I have this love/hate relationship with momentum. That thing that keeps you going at often inconceivable speeds is also the thing that makes it really difficult to stop. The “keep going” part I get and I love, but the “not stopping” part I struggle with and I hate.
Last Sunday I found myself in bed, embodying a beached whale in a post-dim sum-coma. Unable to move but also unable to nap. I didn’t quite have the attention span for TV but picking up a book seemed like heavy lifting. My brain was racing though. Drunk on sodium and leftover momentum from the week prior, I had a really hard time just letting myself lie there.
I needed to do something. I needed to do. Period. But it was a Sunday, and after a relatively productive week I didn’t really have any pressing obligations. Still, I couldn’t shake the feeling of missing out on getting something done.
If there’s one thing I know about myself it’s that I’m very self-aware (good one, Sarah!) and after about 20 minutes of lying in bed on this particular Sunday I finally realized what it was I had to do that day: I had to combat this feeling of needing to do something and commit to being fully and completely lazy.
I’m super jealous of people to which this type of behavior comes naturally and without any feelings of guilt. If you’ve been reading these posts, you’ll know that I once reflected on how I was getting much closer to mastering JOMO: the joy of missing out. I guess this post is to say that though I’m quite good at not feeling left out when I miss the party, my ability to not feel left out on what I could be and what I am not accomplishing is way less developed.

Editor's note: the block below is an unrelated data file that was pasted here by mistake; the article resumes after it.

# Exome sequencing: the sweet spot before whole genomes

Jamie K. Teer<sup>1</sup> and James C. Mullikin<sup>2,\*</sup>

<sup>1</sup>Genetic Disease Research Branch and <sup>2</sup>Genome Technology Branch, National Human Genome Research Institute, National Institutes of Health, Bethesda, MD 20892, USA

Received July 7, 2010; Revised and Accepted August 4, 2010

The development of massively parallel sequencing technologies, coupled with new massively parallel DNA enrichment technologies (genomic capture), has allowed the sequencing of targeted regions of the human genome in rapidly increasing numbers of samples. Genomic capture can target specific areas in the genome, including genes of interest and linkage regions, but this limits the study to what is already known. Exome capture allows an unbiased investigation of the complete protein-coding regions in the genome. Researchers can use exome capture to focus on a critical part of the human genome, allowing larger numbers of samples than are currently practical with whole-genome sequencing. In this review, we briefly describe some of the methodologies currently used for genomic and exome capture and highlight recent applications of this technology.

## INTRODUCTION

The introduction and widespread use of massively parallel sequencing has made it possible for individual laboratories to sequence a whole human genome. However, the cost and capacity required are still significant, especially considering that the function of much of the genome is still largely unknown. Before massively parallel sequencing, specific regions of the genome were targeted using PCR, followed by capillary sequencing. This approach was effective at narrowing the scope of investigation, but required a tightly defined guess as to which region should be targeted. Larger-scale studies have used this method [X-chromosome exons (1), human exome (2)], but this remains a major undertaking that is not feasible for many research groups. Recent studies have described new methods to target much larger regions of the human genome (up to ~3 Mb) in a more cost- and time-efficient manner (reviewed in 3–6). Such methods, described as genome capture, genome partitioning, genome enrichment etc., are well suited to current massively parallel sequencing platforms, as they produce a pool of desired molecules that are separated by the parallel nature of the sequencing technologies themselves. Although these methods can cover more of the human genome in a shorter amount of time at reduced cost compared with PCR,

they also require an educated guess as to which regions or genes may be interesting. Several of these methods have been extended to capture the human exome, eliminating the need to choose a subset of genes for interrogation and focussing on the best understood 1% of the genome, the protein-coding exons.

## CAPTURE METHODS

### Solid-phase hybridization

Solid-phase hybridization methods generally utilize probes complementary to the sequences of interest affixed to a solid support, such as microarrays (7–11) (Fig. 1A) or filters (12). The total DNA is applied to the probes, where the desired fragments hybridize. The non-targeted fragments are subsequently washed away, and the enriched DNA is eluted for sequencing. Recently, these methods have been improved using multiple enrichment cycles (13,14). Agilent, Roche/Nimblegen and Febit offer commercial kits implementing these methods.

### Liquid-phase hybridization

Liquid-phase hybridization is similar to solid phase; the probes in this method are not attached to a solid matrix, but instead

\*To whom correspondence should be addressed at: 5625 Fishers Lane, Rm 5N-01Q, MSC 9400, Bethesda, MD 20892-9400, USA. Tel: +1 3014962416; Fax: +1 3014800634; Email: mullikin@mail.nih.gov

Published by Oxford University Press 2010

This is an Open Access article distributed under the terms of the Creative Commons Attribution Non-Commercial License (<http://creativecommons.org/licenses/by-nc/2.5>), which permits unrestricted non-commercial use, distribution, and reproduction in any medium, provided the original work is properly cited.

Some context: I’m one of those far too common and far too often applauded busy-addicts. Always have been. My capacity for doing is quite high. I’m constantly guilty of committing to more than I can ever handle and I think it’s only now, at 24, that I’m finally sort of getting a sense of what constitutes “too much.” In high school I found myself in every choir, directing plays, sitting on various councils, all while maintaining an active social life. Sign me up, I said! Not much has changed except that I’ve learned the hard way that busy can sometimes equal burnout and burnout isn’t so easy to recover from.
I don’t hate this lifestyle. I’ve always been blessed with excessive amounts of energy and it didn’t take me long to realize that I could channel it into output, output, output. It also didn’t take me long to realize that when I didn’t do anything with it, it turned sour and manifested in sadness and loneliness.
But you know what else manifests in sadness and loneliness? Being sick and not being able to kick it. That’s where I found myself last spring. After yet another long cycle of busy, my energy level and my immune system decided it was going on strike! For about 6 months I had this unnamed beast of a virus or viruses with a dash of some of the worst anxiety I’ve ever had and a generous side-helping of absolutely no energy whatsoever. I think my favourite memory from this period was when my boss came to ask me why I wasn’t at the mental health lunch n learn and I was crying at my desk.
I couldn’t shake it. I hated that I couldn’t shake it. And we all know the best cure for feeling crappy is hating yourself for feeling crappy.
A few things had to happen before things got better: